Email newsletter truncation in iOS Mail

Ever had your newsletters get cut off by the 'This message has only partially downloaded' prompt in iOS Mail? Preventing it from appearing may be a mix of keeping your message short and sweet, then simply trial and error.

If you test your email designs on an iOS device like the iPhone or iPad, you've likely seen the following message:

Truncated email in iOS Mail

While having your messages temporarily truncated may appear to be a mild annoyance, it does bring with it a silent issue - unless the email is fully downloaded, the open may not be recorded. While Email on Acid wrote an authoritative article on this less than a year ago, it seems that conditions have changed since then.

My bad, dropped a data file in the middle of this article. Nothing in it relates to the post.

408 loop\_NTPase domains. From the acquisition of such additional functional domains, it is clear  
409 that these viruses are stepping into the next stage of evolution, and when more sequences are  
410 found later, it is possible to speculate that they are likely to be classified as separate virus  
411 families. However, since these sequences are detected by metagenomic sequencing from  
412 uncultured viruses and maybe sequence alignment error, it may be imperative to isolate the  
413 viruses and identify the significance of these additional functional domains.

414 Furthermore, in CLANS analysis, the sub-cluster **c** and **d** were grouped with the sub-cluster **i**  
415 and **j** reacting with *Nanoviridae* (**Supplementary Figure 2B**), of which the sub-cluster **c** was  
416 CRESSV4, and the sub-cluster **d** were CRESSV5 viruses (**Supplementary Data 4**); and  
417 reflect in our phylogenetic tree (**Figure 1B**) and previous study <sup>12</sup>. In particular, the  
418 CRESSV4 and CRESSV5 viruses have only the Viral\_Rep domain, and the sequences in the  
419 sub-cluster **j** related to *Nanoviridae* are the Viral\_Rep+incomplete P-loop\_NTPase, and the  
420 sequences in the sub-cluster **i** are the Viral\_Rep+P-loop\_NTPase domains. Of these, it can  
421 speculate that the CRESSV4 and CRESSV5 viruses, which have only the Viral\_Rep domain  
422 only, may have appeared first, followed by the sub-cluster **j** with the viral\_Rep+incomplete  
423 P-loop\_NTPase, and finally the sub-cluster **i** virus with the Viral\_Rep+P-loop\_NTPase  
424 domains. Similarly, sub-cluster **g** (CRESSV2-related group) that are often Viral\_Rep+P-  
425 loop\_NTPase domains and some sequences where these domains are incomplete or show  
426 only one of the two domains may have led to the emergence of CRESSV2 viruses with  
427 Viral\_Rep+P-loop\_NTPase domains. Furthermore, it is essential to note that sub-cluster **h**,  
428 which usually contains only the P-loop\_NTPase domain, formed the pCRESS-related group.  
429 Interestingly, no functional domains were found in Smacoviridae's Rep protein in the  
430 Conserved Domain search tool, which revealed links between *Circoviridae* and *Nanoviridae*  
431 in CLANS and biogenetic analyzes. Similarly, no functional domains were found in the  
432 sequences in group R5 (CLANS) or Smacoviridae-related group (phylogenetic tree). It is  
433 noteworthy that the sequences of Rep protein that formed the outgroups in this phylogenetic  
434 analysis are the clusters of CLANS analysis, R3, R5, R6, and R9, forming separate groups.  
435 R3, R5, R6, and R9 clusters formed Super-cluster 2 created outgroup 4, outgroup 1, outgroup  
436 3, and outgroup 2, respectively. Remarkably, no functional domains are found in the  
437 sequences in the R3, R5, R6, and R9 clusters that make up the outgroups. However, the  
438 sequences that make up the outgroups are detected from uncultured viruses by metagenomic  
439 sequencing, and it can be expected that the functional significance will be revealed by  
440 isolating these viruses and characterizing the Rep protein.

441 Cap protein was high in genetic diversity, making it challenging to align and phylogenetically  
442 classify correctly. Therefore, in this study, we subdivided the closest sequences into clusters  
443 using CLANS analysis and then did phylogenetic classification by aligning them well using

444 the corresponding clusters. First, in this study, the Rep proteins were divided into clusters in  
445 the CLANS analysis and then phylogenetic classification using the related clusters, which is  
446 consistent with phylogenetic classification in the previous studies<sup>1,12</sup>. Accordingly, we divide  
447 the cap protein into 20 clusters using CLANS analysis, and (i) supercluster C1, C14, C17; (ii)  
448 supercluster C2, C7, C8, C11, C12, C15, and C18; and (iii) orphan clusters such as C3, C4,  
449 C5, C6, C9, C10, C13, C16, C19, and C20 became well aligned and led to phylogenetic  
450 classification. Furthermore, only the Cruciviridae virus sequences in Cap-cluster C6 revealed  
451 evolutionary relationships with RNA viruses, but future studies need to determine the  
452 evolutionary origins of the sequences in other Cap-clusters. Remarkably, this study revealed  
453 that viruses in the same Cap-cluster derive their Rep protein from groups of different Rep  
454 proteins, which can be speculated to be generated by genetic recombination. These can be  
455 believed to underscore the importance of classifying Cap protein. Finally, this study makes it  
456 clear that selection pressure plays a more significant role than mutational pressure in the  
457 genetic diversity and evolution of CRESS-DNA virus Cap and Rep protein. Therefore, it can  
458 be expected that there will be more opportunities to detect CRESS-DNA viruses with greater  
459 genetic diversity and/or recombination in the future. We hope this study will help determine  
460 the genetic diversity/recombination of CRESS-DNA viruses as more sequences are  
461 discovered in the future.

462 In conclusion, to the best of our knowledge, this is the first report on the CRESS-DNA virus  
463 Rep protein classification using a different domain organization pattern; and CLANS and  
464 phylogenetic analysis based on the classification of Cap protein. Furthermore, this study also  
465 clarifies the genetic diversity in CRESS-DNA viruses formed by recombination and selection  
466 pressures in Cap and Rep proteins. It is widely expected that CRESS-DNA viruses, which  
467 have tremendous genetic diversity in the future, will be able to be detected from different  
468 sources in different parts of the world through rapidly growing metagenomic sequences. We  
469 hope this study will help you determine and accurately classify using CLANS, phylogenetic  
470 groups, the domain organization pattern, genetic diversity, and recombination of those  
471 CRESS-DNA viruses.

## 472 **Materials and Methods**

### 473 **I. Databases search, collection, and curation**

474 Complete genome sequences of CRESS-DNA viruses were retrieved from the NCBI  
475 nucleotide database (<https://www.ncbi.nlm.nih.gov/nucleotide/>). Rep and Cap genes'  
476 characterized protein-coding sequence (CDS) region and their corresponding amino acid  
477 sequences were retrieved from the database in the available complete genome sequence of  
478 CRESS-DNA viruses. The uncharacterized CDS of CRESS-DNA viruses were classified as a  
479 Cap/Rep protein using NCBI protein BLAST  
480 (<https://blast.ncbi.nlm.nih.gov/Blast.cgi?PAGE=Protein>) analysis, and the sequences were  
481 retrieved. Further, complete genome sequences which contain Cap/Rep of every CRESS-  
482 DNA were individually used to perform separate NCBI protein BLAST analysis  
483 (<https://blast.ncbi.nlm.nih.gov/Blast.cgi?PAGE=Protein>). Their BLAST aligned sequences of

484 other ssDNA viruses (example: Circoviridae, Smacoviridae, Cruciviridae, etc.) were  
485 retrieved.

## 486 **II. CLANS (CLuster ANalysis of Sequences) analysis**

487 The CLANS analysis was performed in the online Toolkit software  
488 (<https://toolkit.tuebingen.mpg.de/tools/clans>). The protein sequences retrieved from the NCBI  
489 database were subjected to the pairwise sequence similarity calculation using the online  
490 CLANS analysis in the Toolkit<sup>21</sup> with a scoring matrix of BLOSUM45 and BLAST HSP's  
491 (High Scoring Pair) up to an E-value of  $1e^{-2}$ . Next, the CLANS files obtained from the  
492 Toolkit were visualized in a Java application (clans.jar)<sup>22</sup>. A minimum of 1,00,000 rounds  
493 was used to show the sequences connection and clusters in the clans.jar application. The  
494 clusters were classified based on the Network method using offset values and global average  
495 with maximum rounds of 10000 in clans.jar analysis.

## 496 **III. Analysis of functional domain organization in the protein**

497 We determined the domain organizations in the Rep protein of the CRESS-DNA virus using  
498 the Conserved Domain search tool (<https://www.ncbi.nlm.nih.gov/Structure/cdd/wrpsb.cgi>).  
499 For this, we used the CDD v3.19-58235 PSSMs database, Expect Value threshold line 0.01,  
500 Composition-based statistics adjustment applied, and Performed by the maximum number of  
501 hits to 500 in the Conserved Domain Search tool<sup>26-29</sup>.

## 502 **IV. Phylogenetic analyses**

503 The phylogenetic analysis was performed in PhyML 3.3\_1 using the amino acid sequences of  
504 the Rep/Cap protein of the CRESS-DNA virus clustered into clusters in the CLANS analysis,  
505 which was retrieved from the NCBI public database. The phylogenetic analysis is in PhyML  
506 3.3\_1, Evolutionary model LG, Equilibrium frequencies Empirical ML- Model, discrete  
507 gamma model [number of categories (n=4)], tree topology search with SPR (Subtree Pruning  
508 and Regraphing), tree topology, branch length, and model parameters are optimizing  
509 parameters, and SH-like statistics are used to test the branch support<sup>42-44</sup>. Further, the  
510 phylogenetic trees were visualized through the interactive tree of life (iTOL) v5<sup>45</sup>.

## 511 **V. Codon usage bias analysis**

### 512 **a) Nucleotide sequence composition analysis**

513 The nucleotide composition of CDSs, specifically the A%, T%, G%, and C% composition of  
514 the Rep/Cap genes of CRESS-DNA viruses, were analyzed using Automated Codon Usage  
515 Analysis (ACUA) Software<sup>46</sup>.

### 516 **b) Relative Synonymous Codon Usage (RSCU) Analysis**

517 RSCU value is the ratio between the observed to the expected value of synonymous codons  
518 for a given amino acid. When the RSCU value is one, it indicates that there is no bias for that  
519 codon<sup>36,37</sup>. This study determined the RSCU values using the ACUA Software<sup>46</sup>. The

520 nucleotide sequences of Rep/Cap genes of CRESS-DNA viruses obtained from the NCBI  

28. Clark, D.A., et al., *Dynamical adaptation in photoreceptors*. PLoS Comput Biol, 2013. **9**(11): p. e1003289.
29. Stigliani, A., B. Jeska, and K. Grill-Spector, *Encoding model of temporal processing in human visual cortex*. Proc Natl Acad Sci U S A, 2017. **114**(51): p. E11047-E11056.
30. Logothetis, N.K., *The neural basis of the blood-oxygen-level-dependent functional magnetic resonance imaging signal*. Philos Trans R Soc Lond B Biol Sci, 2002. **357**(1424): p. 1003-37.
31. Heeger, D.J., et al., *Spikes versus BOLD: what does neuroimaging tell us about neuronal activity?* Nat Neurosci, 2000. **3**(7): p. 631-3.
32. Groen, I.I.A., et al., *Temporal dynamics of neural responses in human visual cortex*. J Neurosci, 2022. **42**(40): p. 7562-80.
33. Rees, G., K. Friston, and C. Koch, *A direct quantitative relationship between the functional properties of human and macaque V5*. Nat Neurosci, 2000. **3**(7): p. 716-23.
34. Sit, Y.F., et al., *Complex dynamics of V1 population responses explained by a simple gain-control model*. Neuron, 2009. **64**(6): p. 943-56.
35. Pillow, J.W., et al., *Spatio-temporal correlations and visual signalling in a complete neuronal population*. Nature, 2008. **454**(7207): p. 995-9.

What triggers this message?

From our tests, we were able to reliably trigger this message by:

  • Making the HTML file size greater than 15kb. This total does not include images or the plain-text version, both of which seem to have no impact on whether this message gets triggered.
  • Downloading the message over cellular data, not WiFi. In a way, this is to be expected, given the cost of data in some countries.

As you can imagine, it's fairly easy to make the 'partially downloaded' message display - all that's required is a fairly-long newsletter with a comprehensive stylesheet for good measure. Unlike EoA's determination that only POP mailboxes are affected, we found that this could be reliably replicated in clients using IMAP, too.